Kosakovsky Pond, SL
Permanent link to this recordhttp://hdl.handle.net/20.500.12613/5922
MetadataShow full item record
AbstractHerpesviruses have been infecting and codiverging with their vertebrate hosts for hundreds of millions of years. The primate simplex viruses exemplify this pattern of virus-host codivergence, at a minimum, as far back as the most recent common ancestor of NewWorldmonkeys, OldWorld monkeys, and apes. Humans are the only primate species known to be infected with two distinct herpes simplex viruses: HSV-1 and HSV-2. Human herpes simplex viruses are ubiquitous, with over two-thirds of the human population infected by at least one virus. Here, we investigated whether the additional human simplex virus is the result of ancient viral lineage duplication or cross-species transmission. We found that standard phylogenetic models of nucleotide substitution are inadequate for distinguishing among these competing hypotheses; the extent of synonymous substitutions causes a substantial underestimation of the lengths of some of the branches in the phylogeny, consistent with observations in other viruses (e.g., avian influenza, Ebola, and coronaviruses). To more accurately estimate ancient viral divergence times, we applied a branch-site random effects likelihood model ofmolecular evolution that allows the strength of natural selection to vary across both the viral phylogeny and the gene alignment. This selection-informed model favored a scenario in which HSV-1 is the result of ancient codivergence and HSV-2 arose from a cross-species transmission event from the ancestor of modern chimpanzees to an extinct Homo precursor of modern humans, around 1.6Ma. These results provide a new framework for understanding human herpes simplex virus evolution and demonstrate the importance of using selection-informedmodels of sequence evolution when investigating viral origin hypotheses. © The Author 2014.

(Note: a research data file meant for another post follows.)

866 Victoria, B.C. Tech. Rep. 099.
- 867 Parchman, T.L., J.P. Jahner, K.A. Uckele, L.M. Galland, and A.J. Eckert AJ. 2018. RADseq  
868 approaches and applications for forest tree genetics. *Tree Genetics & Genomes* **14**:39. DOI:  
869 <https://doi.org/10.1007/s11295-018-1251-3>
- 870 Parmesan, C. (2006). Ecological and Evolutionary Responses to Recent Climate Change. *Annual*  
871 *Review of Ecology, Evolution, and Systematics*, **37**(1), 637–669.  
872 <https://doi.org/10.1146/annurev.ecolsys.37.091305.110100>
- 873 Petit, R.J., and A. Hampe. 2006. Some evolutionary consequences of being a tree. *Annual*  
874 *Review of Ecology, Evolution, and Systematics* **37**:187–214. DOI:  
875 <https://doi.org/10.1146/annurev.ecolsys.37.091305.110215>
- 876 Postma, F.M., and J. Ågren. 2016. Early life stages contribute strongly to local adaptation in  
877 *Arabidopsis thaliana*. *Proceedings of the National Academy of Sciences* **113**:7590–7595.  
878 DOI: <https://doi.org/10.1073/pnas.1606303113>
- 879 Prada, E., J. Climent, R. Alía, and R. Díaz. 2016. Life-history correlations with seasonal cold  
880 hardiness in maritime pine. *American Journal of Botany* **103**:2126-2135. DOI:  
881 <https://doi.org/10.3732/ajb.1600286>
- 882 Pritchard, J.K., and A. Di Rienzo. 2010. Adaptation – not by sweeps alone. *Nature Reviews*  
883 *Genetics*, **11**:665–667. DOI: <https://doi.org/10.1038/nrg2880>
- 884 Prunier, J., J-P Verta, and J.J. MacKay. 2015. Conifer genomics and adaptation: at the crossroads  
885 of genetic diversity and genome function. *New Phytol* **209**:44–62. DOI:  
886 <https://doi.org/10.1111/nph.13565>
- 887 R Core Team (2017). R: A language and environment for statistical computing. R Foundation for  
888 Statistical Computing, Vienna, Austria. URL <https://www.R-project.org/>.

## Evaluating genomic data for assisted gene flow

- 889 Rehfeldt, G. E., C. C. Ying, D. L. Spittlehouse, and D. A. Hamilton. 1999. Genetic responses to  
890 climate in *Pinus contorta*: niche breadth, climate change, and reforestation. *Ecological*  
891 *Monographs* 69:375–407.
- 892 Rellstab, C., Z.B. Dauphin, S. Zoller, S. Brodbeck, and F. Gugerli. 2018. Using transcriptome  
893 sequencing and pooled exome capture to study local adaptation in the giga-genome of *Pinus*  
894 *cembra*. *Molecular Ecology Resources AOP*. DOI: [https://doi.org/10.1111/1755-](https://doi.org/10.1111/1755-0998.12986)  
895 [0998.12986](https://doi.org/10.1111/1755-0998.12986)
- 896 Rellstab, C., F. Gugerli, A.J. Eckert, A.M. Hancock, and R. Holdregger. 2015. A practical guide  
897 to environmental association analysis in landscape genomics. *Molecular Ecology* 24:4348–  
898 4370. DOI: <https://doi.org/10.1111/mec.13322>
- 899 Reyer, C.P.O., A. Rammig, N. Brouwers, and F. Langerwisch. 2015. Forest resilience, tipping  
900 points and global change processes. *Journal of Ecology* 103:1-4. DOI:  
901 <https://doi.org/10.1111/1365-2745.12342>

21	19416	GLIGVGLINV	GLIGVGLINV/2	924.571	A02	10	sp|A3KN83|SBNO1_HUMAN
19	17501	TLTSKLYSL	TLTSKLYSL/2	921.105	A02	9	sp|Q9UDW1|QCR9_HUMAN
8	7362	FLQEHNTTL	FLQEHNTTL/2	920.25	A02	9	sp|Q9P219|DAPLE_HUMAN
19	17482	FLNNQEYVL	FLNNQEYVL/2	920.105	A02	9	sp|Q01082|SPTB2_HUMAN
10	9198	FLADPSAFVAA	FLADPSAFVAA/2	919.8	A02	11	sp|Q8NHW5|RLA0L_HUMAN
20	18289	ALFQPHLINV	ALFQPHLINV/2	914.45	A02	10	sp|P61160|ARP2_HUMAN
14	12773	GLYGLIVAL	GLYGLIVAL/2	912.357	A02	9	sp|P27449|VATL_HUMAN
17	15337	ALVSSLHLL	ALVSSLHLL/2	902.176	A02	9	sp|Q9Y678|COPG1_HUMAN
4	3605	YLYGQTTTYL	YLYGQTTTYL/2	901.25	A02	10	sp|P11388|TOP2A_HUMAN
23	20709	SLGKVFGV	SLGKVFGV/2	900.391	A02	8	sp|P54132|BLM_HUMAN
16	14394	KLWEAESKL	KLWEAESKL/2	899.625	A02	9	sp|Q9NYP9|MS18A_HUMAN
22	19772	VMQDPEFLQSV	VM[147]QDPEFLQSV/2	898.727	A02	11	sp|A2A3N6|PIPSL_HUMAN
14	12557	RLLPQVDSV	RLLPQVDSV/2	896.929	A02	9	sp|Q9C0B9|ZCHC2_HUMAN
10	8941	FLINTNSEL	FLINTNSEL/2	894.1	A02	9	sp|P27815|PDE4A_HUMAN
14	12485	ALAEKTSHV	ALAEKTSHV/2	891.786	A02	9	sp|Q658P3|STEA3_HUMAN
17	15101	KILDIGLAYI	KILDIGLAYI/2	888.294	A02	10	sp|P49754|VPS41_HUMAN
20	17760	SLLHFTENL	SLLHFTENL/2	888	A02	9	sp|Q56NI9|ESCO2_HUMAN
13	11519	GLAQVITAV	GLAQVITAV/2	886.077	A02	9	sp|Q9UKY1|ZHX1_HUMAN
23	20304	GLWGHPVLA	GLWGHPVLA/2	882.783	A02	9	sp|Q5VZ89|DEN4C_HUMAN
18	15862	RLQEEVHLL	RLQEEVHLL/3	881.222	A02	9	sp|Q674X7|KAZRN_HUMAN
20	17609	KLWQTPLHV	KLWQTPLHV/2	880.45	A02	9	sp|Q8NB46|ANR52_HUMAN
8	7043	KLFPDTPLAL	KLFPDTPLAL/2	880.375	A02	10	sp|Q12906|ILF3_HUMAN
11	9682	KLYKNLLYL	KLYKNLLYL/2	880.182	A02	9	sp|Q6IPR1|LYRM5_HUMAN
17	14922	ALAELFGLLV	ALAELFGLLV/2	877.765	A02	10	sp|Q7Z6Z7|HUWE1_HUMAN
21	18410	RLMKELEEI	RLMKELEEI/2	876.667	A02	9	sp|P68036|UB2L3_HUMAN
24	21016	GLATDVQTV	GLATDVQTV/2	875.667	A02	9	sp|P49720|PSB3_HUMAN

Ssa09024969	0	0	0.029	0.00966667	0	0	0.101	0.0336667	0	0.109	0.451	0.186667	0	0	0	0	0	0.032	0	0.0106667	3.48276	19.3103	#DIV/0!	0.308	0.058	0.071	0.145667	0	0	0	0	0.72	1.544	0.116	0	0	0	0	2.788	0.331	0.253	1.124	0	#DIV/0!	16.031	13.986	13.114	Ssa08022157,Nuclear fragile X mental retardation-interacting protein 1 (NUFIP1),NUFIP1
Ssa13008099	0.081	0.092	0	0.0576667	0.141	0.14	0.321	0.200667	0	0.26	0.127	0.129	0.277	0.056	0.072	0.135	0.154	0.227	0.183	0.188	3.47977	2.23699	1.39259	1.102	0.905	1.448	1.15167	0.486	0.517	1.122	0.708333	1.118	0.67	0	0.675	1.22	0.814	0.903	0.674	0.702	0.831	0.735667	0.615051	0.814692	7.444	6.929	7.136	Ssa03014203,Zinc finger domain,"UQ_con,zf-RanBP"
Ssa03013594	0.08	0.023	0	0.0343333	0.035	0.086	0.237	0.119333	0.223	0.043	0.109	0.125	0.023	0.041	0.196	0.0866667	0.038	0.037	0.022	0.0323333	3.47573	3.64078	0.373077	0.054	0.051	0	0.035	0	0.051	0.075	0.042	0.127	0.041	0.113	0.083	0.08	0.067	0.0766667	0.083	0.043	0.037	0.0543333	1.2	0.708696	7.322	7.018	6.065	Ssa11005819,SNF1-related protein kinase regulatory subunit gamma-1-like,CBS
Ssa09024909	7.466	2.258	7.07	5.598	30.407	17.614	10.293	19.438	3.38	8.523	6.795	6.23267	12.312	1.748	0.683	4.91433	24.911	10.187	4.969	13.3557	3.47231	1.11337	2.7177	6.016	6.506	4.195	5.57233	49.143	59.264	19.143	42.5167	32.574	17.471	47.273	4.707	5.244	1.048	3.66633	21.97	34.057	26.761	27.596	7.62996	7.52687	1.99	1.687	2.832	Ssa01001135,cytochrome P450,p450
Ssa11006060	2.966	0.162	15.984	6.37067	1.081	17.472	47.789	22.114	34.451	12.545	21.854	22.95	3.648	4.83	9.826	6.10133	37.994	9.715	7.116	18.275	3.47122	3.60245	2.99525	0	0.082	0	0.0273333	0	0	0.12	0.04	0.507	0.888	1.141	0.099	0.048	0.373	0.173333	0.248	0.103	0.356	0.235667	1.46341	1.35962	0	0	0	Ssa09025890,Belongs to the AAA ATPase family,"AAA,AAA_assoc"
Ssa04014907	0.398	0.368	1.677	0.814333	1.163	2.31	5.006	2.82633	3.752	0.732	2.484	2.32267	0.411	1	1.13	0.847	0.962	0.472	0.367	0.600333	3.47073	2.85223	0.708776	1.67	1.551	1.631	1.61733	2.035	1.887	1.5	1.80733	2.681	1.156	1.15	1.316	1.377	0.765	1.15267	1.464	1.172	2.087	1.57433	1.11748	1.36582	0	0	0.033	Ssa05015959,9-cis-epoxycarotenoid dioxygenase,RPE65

Citation to related workOxford University Press (OUP)
Has partMolecular Biology and Evolution
ADA complianceFor Americans with Disabilities Act (ADA) accommodation, including help with reading this content, please contact firstname.lastname@example.org